Possibly the most unflattering item of clothing known to woman

After finally conceding that my mountain biking shorts actually weren’t all that comfortable for riding long distances bent over in a race position, I realised that I’d have to succumb to the Lycra, blissfully unaware of the undertaking that lay ahead.

I spent weeks trying to find the perfect pair of cycling shorts and in the process must have tried on every single pair on sale in my hometown of Edinburgh. It’s not that I’m averse to wearing tightly fitting clothing. I am perfectly comfortable with my body and wear skinny jeans practically every day. I even have lycra running tights. However, there’s much more than just some figure hugging Lycra to contend with when choosing a pair of cycling shorts.

Most of them have tight elastic, grip strips, or both round the end to prevent them riding up when you’re cycling, which is great, but unfortunately these can also make even the slimmest of legs look like sausages. Unflattering seams can also have the same effect, so finding a pair that minimised the sausage look was of paramount importance.



Then there’s the lovely padded crotch area – or chamois to use the correct terminology – that makes you feel like you’re wearing Tena Lady pants, I’d imagine. This is fine if you can wear them under mountain bike shorts, but in tight fitting Lycra, there’s nowhere for your ass padding to hide. The difference in comfort and subtlety of these padded bits is huge so finding a pair that felt comfortable – or at least as comfortable as it’s possible for an oversized sanitary towel to feel – was crucial.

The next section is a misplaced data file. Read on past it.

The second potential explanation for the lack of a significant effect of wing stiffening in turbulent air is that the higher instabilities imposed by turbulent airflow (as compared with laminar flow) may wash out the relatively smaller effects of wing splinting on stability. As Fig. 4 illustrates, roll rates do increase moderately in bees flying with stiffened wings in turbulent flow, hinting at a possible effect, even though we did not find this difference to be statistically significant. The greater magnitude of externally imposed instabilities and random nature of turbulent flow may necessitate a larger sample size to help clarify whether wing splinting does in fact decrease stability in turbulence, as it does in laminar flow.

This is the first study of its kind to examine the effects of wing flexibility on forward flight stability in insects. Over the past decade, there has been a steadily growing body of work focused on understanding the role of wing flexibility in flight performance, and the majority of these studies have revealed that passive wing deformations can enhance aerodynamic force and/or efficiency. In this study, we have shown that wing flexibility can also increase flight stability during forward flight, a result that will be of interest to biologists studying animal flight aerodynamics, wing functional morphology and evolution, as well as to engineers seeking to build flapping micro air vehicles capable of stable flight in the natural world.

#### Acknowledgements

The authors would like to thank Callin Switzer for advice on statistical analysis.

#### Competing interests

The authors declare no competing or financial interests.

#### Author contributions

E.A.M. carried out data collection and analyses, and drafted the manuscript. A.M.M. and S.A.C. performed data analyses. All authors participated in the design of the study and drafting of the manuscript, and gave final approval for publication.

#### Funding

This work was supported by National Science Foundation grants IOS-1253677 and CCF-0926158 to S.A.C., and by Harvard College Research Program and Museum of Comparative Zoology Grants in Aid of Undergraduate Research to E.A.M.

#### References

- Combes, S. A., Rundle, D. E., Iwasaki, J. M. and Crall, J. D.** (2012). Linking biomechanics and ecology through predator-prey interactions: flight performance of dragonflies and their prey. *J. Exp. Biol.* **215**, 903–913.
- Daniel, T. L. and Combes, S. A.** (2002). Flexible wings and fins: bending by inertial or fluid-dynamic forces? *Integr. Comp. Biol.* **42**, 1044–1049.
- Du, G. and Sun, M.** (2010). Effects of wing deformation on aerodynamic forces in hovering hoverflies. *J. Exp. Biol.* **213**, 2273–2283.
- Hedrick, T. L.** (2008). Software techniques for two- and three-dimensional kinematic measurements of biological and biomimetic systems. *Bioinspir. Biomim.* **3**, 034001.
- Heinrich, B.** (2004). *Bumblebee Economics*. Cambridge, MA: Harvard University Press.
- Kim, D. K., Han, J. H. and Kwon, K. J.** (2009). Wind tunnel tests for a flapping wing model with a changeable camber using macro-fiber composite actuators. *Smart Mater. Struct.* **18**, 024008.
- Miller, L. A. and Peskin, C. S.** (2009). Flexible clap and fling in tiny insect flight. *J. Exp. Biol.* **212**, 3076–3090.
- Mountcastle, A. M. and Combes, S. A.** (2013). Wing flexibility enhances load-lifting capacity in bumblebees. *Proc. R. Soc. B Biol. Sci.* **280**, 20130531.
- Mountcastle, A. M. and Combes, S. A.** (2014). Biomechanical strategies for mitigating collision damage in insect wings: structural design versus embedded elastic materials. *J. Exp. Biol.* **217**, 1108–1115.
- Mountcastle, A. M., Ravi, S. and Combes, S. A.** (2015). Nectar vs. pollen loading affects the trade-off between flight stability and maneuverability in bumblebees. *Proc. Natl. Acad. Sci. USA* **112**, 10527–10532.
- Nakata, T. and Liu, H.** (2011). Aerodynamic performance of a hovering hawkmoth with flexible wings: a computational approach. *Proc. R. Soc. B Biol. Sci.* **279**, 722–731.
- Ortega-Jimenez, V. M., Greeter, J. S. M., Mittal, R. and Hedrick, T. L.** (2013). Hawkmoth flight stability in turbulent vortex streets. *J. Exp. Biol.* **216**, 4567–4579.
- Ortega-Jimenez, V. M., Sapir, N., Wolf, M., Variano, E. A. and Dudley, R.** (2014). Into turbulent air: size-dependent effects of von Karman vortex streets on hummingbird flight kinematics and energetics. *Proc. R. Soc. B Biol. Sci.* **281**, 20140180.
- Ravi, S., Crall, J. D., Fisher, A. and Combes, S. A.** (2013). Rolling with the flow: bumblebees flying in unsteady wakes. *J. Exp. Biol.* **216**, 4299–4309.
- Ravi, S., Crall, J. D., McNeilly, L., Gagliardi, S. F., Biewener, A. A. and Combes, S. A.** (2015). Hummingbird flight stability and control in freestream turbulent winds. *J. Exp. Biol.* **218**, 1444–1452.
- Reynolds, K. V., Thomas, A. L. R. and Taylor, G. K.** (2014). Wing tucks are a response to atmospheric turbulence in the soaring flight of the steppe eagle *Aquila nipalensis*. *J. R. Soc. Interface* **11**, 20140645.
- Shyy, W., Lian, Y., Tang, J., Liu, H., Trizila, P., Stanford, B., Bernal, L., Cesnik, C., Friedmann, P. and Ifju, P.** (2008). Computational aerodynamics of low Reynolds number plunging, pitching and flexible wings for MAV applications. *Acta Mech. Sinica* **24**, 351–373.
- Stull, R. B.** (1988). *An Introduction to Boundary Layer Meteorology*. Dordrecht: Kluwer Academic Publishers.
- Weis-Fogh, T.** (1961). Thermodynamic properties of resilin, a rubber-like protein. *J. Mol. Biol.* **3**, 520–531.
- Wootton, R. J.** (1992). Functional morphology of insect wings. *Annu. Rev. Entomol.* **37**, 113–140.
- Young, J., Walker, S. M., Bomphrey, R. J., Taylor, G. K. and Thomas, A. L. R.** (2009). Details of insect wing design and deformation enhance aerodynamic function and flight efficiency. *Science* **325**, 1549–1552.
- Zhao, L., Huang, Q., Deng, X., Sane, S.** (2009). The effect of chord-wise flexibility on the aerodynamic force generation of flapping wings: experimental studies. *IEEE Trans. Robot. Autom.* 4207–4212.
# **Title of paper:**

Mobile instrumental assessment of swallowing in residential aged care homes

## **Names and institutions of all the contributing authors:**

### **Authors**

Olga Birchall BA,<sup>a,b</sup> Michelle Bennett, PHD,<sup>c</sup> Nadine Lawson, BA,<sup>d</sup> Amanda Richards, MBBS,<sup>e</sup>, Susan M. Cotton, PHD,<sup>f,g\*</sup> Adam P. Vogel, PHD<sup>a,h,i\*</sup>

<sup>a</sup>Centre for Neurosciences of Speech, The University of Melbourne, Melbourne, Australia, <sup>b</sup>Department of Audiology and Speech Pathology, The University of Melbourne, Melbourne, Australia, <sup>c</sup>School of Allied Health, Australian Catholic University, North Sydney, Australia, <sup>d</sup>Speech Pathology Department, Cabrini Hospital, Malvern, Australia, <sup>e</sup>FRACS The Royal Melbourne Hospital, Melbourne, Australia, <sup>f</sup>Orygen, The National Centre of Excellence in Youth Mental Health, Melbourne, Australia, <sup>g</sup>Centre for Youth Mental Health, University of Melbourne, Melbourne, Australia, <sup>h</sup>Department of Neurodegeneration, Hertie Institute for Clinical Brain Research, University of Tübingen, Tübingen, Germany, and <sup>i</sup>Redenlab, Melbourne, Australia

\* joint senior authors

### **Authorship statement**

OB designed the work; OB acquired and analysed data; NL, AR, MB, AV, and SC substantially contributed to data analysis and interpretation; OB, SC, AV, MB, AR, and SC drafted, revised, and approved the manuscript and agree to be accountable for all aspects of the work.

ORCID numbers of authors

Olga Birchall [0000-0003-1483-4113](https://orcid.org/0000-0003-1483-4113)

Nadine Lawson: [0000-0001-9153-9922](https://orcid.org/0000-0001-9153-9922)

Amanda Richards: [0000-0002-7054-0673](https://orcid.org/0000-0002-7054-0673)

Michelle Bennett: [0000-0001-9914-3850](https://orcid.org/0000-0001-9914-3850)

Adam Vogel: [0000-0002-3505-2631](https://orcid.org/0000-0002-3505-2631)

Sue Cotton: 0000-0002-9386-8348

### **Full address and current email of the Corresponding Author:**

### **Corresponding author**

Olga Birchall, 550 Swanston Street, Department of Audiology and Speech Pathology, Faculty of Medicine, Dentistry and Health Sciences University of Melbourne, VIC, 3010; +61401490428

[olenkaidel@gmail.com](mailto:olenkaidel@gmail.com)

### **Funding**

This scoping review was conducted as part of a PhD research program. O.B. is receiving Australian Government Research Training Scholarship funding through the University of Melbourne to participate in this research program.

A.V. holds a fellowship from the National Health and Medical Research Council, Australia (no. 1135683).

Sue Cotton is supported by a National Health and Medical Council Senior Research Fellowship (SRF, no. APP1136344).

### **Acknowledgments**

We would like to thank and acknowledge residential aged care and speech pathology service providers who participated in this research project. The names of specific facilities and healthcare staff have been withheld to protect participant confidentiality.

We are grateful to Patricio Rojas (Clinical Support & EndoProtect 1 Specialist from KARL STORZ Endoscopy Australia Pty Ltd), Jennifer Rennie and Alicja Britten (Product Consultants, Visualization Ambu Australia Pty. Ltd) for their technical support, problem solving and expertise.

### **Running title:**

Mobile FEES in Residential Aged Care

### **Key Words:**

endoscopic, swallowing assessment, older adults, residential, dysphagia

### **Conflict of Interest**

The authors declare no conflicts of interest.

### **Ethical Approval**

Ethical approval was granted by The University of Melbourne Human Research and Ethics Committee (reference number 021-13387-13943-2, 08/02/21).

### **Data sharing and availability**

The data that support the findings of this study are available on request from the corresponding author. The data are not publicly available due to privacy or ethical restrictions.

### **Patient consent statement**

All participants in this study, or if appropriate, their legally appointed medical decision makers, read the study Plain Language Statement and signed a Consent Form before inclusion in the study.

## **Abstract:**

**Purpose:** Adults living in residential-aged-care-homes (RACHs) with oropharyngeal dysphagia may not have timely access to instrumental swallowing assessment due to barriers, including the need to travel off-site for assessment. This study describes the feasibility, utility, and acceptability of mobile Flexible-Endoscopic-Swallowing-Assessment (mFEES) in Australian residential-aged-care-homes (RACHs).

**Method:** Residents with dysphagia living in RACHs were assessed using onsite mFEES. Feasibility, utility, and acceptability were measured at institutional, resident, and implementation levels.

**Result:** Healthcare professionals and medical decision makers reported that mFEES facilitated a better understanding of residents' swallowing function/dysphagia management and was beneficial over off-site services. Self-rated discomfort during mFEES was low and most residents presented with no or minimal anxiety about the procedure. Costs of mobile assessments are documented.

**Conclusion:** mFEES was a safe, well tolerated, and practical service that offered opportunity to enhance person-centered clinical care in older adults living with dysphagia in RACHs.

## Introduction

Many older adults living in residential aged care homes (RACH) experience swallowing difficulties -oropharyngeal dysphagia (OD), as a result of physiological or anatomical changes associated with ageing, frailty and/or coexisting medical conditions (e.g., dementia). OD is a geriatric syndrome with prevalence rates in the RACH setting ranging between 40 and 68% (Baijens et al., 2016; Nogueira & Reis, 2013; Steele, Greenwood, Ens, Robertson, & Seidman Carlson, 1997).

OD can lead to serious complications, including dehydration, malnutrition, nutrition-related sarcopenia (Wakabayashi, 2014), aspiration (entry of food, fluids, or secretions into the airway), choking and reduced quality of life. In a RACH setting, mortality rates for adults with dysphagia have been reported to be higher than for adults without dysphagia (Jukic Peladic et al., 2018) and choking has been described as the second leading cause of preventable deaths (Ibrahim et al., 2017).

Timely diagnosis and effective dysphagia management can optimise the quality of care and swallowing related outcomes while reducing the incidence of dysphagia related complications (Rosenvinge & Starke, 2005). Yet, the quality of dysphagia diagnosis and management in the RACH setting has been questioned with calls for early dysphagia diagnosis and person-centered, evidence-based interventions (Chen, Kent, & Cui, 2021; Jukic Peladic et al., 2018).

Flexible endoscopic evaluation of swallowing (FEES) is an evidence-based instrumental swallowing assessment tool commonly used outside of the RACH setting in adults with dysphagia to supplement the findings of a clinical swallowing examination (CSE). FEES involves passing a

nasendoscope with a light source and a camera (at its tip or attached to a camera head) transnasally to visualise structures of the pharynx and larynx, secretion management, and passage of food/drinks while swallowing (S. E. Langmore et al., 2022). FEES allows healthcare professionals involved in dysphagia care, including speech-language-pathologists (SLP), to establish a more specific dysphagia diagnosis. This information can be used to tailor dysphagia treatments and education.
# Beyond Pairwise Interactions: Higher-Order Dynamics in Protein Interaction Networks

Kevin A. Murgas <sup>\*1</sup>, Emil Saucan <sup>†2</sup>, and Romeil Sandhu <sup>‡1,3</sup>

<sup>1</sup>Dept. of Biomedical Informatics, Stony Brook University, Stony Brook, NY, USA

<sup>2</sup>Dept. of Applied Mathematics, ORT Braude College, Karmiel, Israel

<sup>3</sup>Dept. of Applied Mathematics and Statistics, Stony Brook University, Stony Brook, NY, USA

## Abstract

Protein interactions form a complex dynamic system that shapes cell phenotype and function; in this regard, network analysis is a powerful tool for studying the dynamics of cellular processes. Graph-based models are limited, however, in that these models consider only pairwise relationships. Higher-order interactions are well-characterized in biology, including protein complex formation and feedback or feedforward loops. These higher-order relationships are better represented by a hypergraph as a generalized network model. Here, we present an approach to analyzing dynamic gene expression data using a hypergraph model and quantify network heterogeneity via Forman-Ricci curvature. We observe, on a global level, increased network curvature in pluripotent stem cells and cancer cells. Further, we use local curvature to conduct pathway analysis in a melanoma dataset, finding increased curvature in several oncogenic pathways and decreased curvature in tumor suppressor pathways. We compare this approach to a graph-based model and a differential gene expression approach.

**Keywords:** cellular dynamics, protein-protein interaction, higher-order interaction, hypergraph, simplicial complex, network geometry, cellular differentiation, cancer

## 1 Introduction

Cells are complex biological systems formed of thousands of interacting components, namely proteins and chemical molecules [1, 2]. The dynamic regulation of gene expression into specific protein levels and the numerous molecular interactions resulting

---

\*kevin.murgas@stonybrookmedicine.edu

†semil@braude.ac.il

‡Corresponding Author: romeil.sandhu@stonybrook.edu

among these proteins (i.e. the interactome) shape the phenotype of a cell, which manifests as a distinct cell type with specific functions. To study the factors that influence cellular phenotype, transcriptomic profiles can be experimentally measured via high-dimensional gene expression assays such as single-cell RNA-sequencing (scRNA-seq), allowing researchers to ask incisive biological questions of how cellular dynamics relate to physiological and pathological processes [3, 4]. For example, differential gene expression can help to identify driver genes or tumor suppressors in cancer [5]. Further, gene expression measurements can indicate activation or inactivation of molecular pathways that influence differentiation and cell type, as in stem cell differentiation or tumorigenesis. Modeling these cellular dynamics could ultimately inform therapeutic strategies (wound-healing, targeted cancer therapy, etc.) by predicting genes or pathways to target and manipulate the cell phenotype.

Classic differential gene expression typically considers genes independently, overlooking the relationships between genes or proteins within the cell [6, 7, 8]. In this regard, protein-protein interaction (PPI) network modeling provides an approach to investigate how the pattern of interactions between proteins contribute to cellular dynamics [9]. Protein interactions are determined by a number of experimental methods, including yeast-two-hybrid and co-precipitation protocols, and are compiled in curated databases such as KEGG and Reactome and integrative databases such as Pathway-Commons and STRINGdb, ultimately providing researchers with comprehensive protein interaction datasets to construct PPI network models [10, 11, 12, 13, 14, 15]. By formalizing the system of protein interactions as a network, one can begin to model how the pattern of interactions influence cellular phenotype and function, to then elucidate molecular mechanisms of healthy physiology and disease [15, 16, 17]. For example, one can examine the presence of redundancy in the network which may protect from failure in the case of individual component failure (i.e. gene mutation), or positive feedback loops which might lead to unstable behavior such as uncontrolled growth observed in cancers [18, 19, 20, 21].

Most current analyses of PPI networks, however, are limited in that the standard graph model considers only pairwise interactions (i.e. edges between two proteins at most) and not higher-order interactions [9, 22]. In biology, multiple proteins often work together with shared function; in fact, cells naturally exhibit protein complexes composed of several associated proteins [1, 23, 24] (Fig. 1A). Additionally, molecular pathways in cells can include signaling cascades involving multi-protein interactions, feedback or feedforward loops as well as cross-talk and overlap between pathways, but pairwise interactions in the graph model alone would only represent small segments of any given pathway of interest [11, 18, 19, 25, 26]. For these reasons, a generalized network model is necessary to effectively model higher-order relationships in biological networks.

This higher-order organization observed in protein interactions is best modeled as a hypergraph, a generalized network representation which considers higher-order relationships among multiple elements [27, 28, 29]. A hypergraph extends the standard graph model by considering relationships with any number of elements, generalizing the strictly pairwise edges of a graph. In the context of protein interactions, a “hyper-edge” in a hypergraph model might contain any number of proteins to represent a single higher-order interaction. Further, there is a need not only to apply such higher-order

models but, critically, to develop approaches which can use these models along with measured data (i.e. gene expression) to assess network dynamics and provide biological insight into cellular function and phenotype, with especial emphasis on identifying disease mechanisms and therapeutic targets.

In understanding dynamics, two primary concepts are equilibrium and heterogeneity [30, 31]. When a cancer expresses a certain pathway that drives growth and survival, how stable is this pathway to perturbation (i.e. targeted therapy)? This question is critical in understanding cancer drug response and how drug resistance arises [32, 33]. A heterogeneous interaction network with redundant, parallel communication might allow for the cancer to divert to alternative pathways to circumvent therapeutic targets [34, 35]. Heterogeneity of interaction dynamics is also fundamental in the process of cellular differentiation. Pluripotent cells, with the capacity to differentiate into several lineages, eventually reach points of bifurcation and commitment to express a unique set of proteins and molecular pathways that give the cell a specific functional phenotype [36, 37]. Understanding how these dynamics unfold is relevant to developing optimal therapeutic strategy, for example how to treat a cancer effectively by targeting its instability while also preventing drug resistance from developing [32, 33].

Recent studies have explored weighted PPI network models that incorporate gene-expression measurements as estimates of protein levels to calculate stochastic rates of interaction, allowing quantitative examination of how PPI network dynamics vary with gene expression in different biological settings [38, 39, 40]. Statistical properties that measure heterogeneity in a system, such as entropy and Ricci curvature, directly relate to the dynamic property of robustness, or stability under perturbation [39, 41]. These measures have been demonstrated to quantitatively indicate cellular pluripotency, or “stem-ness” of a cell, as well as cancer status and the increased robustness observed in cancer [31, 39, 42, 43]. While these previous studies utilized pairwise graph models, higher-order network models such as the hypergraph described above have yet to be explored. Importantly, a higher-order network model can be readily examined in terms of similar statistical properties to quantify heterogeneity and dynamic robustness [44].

And if that’s not enough, you’ve then got to decide whether to go for bib shorts or not. I have it on good authority that bib shorts, the cycling equivalent of a onesie, are much more comfortable for cycling in and that they are the preferred choice for pros. I did try on a few pairs and could see how this could be the case with the right pair. However, I just couldn’t see beyond the potential hassle factor of trying to struggle out of them in order to go to the loo. When you’re trying to discretely squat at the side of the road, the last thing you need to worry about is flashing your boobs to passers by as well as your bum! There are some brands that have appreciated this and incorporated clever easy access zips or panels, but it still all seems like a bit of a faff to me and I’d prefer to keep things simple.


My new lycra loves

Having exhausted what I thought were all my options in the cycle shops of Edinburgh, I was resigned to just having to wear my mountain biking liner shorts for the sportive and hope that no one noticed. It sounds like a cliché, but on one final scour of the Lycra rail in my local bike shop I found a pair that I hadn’t tried before, and lo and behold they actually felt comfortable and didn’t make me wince when I looked in the mirror. There is an ever so slight sausage effect going on in the thigh area but I think the only way to avoid that will be to get legs of steel, which I fully intend to do. I also tried on a matching top and am not exaggerating when I say that it’s the nicest thing I’ve ever worn. It feels lovely on, fits perfectly, and according to the label, will keep me cool and dry when I sweat. Bonus.

I never thought I’d see the day but I am now a total Lycra convert. I’ll also be surrendering the peak of my helmet for Saturday’s sportive, so if nothing else, I will at least look the part! I am however sticking with my mountain bike shoes that I can actually walk in… for now anyway.